DVD: "Color Me Obsessed: A Film About the Replacements"

The first thing you must know about this music documentary on the great Minneapolis rock band the Replacements, is that there's no music — nor any band members involved. Not even an image of them. What we get is a compendium of vivid stories and arguments from fans, old friends (Hüsker Dü's Grant Hart), journalists (Bob Christgau and David Carr) and associated hangers-on recollecting the band's early albums alongside their memories of live shows from the group's '80s heyday. It's been called the "Rashoman" of rock documentaries — except there's nothing genius or that controversial going on here. You get the basic gist of the group's appeal: The band made several great albums of hungry, punk-tinged rock and it was a mesmerizing live band some nights, if you were lucky, though a lot of the time its members were just shit-faced drunk. But the band lost its heart and raw edge when original guitarist Bob Stinson left, eventually dying from drug- and alcohol-related organ failure in 1995 at the age of 35. One thing this format encourages is healthy debate: Did the band suck after "Let It Be"? The arguments can be fun, but it's all likely to get old for any but the most hardcore fans during this doc's two-hour running time. You're itching to hear a song, any song, way before the end. — Brent Baldwin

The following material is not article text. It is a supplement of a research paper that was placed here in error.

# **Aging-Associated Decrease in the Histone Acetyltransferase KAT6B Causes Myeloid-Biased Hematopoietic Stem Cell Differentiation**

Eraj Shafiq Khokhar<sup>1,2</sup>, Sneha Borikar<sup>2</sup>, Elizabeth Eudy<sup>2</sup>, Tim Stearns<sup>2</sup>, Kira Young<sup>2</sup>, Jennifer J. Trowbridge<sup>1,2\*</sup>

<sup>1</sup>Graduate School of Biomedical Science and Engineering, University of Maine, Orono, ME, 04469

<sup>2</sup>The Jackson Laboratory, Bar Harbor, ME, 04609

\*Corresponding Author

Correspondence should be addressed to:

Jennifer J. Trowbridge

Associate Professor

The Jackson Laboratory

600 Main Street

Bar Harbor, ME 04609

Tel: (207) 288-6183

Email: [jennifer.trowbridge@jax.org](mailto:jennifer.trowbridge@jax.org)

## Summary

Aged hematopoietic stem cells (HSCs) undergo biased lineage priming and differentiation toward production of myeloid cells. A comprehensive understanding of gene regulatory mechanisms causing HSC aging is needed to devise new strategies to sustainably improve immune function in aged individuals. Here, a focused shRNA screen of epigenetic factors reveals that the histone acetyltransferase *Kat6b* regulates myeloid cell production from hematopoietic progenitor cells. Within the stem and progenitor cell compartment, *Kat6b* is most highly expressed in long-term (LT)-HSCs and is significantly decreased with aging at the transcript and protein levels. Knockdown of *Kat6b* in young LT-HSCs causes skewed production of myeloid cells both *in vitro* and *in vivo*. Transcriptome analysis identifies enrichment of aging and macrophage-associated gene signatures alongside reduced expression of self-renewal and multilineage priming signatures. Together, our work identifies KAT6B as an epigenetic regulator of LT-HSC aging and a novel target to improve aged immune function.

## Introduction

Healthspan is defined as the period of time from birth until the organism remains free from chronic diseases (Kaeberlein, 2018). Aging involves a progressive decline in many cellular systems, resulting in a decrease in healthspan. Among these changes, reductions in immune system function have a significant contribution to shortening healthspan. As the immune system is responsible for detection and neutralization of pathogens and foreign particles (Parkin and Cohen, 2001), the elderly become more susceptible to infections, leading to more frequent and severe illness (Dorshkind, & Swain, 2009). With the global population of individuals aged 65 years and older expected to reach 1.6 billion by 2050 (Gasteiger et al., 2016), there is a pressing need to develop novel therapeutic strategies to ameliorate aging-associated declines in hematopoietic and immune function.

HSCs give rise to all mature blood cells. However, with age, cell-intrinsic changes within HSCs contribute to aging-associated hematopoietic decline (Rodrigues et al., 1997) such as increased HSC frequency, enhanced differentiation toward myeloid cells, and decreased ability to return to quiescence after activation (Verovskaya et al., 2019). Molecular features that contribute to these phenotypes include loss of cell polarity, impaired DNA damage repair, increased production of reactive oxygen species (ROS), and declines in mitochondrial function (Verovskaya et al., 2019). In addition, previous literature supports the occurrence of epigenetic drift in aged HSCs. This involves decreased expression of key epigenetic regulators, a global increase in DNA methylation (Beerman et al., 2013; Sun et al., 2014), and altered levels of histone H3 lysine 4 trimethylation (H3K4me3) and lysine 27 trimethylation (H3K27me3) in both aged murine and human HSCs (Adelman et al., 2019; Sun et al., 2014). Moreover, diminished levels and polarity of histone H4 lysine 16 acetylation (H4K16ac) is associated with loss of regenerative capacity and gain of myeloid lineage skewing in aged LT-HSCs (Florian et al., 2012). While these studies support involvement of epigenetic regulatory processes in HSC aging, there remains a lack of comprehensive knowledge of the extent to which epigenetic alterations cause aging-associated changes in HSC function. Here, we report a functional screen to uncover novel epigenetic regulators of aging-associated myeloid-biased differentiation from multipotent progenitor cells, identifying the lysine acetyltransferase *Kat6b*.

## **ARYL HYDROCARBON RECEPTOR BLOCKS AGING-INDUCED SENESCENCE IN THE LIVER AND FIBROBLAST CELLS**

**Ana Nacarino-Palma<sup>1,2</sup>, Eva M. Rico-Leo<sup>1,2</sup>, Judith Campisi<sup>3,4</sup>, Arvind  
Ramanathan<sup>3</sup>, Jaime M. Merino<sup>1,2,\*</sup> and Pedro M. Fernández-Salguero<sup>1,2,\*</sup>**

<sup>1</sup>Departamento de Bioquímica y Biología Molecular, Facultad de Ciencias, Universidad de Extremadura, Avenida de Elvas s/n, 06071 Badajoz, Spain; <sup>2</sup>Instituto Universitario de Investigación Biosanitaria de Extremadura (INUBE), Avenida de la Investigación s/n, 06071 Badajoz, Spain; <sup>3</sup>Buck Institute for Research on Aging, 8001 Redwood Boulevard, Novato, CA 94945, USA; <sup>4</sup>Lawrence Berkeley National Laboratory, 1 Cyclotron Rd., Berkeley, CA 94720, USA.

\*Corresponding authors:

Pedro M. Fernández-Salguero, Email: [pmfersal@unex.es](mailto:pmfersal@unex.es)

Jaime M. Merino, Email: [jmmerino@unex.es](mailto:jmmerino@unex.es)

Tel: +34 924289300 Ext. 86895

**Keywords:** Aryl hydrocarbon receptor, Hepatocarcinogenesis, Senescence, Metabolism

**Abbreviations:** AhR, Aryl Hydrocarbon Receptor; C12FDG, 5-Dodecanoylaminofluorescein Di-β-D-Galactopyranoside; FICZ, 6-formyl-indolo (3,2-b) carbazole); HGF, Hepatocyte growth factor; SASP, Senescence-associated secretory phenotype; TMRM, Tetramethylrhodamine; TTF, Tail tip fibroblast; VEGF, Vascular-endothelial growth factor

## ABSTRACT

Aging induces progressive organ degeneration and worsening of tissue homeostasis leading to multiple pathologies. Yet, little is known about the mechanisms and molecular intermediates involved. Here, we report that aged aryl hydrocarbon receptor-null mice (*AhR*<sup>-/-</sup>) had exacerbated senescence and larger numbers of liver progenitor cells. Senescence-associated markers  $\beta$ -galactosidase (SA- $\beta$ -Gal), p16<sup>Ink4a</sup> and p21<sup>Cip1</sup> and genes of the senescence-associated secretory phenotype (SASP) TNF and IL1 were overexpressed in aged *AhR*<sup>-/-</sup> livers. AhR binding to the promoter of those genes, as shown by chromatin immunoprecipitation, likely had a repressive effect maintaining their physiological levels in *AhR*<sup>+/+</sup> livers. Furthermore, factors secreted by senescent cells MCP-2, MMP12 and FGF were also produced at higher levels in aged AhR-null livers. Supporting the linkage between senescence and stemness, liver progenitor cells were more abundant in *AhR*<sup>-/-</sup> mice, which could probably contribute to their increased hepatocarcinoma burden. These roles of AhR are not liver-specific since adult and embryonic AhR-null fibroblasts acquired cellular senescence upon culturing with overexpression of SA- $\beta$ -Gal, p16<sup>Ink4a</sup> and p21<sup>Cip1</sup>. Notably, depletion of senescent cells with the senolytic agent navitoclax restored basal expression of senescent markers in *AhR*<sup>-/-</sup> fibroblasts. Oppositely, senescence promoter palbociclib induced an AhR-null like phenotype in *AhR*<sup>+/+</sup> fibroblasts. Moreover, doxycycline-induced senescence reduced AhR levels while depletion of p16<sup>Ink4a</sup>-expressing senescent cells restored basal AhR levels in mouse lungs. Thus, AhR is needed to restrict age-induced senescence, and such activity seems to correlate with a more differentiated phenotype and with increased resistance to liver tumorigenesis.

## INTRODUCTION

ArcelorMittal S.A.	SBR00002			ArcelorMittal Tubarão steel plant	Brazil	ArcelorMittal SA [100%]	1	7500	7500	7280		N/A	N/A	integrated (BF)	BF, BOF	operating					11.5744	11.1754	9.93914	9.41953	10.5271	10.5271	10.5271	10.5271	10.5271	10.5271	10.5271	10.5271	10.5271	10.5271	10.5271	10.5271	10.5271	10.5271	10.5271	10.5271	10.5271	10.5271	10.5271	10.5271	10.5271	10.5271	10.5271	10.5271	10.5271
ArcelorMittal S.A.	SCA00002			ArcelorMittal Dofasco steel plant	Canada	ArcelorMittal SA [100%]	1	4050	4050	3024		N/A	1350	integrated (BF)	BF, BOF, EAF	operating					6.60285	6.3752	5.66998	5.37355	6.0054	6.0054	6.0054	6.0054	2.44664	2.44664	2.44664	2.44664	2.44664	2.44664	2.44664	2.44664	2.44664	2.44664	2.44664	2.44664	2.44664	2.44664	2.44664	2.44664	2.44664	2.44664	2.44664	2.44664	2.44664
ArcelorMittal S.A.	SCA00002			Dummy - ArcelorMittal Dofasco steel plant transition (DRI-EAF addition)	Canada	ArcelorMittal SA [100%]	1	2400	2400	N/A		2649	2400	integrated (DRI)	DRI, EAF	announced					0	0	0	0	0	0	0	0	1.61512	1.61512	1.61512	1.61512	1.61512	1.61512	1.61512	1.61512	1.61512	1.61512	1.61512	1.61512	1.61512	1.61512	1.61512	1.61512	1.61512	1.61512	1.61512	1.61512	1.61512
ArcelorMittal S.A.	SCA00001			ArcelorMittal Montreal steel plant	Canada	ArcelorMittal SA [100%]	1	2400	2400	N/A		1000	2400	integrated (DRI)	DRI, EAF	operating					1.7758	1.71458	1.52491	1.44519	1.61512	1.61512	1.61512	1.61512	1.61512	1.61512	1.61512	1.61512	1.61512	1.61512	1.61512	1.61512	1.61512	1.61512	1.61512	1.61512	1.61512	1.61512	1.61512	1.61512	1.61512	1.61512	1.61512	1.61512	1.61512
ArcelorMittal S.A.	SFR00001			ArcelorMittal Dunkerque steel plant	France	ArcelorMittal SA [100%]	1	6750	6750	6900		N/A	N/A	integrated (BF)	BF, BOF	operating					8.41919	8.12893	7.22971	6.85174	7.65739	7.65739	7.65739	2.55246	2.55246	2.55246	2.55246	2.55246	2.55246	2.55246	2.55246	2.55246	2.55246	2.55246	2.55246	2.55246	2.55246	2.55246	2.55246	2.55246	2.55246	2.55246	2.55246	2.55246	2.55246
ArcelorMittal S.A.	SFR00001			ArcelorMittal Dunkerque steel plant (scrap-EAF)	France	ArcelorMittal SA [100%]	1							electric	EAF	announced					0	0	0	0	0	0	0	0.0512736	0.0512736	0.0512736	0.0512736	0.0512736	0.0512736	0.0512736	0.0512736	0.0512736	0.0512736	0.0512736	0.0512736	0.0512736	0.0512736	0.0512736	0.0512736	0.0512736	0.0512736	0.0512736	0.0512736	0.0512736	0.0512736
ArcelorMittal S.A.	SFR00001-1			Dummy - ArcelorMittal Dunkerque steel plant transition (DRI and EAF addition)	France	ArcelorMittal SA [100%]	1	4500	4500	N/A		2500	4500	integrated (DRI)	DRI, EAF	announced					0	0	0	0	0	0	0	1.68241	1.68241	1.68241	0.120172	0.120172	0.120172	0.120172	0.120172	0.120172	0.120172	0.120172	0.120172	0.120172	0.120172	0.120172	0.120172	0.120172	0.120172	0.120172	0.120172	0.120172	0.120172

LOCAL BIN: Skillz, "Thoughts Become Things" (Big Kidz Entertainment)


So it took his final studio album for the former Mad Skillz, Richmond's most famous emcee, to finally make a great, full-length recording? Sounds like it. Real hip-hop fans and urban music geeks have constantly applauded Skillz's high-level lyricism, even while deeming his supporting, beat-driven soundscapes as subpar. Yet thankfully on this, his sixth and final album, the music rises to the level of his witty wordplay. Soul music and adult R&B abounds throughout this album and is especially potent on songs such as "Intro (Hard to Be Me)," and the title track, which is both charmingly autobiographical and faith affirming. Additionally, the singers employed here to sing these hooks are fantastic, including Carmael, Joe Tann and the sensual-voiced Ayah. Skillz divides his lyrical time between well-articulated relationship songs, such as "Maybe I Don't Know Her at All," and standard paid-emcee boasting such as "Bring the Sparklers Out." But the love music way outnumbers the narcissistic moments on this 13-song suite. "Ignorant Levels" ends with the emcee stating "I just hope I made VA proud." Mission accomplished, bro. — Jerome Langston